• The public “betook themselves to the courthouse to hear one of the last, and most solemn, of the many scenes which the Switzerland road tragedy has afforded,” the Journal reported an hour later. “There they were, promptly on hand to hear the doom which the law should affix to the guilt it had already decided.”
  • The gory tumult of the hanging of convicted murderer John Gordon caused then-Gov. Nelson Dingley Jr.’s Executive Board on July 6, 1875, to vote 4-3 to commute Lowell’s sentence to life in prison. With that, Lowell no longer faced the gallows.
  • James M. "Jim" Lowell was a quiet, orderly prisoner in Maine's well-regulated prison.
  • The Lewiston Evening Journal looked into the issues surrounding the claims and concluded the Michigan woman probably looked something like Lizzie and likely had the same name. In other words, it said, it appeared to be a case of "mistaken identity."
  • In 1885, James Lowell confessed, but insists he didn't mean for Lizzie to die.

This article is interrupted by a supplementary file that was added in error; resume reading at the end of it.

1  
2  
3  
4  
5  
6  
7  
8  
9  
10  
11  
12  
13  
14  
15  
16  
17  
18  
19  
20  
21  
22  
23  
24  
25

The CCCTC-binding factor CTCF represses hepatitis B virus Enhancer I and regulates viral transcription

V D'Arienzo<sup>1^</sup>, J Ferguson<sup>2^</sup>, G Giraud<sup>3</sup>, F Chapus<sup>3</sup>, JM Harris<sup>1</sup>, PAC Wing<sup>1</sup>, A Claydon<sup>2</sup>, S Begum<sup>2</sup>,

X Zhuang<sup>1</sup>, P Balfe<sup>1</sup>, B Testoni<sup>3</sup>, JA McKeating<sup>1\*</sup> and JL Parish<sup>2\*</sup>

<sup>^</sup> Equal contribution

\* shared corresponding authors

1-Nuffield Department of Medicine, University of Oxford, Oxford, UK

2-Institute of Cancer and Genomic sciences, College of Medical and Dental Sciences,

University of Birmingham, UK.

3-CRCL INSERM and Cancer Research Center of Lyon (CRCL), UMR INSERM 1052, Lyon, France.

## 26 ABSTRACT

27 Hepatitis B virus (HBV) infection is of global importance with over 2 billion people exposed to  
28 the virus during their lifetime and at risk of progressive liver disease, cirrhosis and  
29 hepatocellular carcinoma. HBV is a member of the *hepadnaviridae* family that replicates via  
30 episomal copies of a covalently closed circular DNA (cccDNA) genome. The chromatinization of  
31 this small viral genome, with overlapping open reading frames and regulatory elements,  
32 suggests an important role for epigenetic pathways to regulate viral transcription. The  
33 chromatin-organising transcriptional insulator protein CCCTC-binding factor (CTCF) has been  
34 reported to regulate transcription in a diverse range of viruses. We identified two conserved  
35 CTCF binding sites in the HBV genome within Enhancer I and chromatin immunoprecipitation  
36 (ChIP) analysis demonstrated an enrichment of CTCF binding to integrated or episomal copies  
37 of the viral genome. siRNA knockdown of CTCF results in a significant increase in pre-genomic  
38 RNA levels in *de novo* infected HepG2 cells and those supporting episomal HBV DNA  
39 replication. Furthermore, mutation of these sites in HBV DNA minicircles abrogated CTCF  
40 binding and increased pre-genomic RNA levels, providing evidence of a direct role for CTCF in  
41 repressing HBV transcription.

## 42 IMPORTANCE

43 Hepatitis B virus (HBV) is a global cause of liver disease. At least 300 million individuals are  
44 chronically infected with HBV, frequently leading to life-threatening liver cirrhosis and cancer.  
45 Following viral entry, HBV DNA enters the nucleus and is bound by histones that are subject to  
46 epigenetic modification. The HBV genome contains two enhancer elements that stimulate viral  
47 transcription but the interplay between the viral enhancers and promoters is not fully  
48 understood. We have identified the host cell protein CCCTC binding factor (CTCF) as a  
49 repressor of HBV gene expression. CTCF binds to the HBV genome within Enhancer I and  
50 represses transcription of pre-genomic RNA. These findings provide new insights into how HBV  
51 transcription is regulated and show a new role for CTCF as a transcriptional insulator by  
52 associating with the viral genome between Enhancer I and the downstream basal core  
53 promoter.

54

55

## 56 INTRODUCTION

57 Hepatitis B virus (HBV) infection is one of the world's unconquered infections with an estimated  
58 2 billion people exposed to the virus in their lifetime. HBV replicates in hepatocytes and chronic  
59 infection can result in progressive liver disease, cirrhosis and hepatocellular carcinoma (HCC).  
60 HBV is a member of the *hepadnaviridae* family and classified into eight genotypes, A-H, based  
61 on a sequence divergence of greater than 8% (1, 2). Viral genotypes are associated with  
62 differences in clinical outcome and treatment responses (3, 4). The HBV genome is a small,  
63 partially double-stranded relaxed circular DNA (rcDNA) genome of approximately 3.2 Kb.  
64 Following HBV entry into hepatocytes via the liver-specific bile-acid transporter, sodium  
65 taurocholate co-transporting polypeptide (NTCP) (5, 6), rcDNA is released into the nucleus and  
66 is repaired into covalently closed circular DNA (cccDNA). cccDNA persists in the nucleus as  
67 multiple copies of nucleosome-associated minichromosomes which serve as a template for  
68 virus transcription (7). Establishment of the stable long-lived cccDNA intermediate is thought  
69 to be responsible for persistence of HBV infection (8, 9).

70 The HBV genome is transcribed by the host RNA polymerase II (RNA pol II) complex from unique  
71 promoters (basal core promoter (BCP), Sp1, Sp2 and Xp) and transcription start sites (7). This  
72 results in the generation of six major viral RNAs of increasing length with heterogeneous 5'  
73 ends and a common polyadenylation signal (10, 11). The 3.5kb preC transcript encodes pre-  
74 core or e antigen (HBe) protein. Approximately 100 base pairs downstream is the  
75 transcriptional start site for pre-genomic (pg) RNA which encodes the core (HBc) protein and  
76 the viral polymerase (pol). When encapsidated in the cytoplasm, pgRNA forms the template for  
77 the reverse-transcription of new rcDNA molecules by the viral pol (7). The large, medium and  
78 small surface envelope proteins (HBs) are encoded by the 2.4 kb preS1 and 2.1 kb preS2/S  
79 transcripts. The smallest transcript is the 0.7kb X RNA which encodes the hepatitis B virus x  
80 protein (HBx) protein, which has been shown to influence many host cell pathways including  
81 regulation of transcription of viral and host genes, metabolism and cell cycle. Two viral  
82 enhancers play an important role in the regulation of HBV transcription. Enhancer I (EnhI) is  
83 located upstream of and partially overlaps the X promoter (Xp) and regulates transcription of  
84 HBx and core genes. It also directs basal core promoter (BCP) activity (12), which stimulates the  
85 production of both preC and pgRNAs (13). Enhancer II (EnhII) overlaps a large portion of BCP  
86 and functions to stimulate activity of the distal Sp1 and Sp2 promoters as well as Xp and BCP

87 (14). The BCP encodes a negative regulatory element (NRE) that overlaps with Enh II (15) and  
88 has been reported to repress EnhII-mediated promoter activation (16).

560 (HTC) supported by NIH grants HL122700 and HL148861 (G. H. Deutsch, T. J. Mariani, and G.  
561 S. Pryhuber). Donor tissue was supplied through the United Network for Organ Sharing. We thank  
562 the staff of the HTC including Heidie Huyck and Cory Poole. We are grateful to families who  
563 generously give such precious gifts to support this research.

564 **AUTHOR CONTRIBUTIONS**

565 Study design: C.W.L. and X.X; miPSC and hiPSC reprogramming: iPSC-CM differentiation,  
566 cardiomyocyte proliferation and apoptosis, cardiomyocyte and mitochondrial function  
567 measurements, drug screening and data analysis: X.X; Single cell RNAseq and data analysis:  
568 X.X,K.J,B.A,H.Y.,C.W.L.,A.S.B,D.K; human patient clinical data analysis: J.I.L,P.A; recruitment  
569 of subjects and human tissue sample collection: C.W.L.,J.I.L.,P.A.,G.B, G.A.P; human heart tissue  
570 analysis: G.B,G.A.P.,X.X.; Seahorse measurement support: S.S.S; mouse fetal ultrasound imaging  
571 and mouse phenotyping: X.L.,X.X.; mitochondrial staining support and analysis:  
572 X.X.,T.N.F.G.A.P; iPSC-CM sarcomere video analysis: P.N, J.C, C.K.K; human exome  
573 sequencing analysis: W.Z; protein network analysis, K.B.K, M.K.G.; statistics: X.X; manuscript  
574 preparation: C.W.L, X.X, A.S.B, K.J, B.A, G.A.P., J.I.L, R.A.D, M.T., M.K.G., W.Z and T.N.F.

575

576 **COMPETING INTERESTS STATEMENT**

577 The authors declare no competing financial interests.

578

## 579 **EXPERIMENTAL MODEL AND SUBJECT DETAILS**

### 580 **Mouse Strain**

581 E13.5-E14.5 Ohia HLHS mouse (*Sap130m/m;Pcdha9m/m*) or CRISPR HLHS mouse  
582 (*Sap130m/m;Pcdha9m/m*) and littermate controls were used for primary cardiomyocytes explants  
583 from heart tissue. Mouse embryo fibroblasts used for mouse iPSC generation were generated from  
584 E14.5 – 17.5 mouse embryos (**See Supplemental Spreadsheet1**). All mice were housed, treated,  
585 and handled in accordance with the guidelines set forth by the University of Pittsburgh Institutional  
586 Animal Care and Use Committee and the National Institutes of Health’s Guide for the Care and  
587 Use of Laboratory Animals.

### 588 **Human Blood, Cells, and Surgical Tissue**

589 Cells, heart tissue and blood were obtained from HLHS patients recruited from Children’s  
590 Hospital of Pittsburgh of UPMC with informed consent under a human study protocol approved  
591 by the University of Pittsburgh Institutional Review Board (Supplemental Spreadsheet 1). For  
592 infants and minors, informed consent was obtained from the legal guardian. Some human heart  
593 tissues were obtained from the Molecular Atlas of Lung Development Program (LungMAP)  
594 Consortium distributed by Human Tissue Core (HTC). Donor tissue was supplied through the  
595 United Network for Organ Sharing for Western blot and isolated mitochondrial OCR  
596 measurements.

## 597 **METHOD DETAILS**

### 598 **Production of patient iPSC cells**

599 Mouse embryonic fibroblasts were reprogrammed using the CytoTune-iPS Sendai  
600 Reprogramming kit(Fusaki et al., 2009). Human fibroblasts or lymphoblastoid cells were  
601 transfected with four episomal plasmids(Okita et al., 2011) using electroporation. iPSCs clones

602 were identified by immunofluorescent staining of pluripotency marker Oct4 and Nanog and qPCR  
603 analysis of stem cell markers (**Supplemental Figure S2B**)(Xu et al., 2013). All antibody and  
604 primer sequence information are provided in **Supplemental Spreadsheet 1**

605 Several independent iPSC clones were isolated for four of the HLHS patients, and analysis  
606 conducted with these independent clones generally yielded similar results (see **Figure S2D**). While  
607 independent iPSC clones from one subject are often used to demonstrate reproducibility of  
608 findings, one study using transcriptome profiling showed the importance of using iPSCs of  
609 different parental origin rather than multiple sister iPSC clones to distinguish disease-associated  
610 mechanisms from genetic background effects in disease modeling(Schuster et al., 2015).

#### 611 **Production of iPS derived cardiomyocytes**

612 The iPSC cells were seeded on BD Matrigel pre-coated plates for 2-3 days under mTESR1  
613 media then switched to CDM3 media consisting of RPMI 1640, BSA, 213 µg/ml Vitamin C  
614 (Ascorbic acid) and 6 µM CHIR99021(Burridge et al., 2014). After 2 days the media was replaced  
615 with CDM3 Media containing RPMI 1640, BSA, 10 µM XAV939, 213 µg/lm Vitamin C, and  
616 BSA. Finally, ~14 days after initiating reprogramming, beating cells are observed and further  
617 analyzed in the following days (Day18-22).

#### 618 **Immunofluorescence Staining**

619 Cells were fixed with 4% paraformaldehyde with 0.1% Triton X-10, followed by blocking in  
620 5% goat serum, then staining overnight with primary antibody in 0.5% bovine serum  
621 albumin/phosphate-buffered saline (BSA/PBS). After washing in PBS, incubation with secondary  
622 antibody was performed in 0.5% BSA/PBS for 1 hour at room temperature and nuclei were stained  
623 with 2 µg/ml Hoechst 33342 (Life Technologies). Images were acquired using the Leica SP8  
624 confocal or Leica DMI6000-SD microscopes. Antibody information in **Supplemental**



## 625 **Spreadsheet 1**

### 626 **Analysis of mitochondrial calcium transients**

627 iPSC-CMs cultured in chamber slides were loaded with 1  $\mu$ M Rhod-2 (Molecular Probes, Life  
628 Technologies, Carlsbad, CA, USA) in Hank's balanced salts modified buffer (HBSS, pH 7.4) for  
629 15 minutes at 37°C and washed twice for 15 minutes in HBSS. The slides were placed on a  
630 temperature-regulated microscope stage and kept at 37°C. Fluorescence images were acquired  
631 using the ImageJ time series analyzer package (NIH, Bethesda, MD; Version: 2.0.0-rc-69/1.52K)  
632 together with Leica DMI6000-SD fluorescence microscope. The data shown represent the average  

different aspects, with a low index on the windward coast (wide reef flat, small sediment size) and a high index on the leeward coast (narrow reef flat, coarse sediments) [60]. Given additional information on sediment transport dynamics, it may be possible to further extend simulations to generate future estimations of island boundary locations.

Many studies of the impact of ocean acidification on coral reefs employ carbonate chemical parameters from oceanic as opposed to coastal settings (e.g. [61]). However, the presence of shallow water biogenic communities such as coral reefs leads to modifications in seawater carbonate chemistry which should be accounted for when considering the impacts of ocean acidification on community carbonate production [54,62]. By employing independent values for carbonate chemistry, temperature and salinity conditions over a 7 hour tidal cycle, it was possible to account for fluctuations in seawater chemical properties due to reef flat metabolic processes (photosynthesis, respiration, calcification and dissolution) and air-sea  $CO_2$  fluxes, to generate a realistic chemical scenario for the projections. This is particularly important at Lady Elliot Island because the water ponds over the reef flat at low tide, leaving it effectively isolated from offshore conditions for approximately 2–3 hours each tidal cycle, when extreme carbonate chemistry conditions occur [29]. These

• Arguing he was only guilty of manslaughter, convicted killer James Lowell begged for a pardon that would free him.
  • After a quarter century behind bars, convicted killer James Lowell discovered a changed world.

About this series

In the fall of 1873, a Lewiston woodcutter stumbled upon a headless skeleton and a tattered black dress lying beside some pine trees near the city’s most romantic drive. His haunting discovery is at the heart of the mystery of who she was and what happened to her, questions that riveted the community, the state and the nation. This series, published in weekly chapters on Sundays, tells the story.

X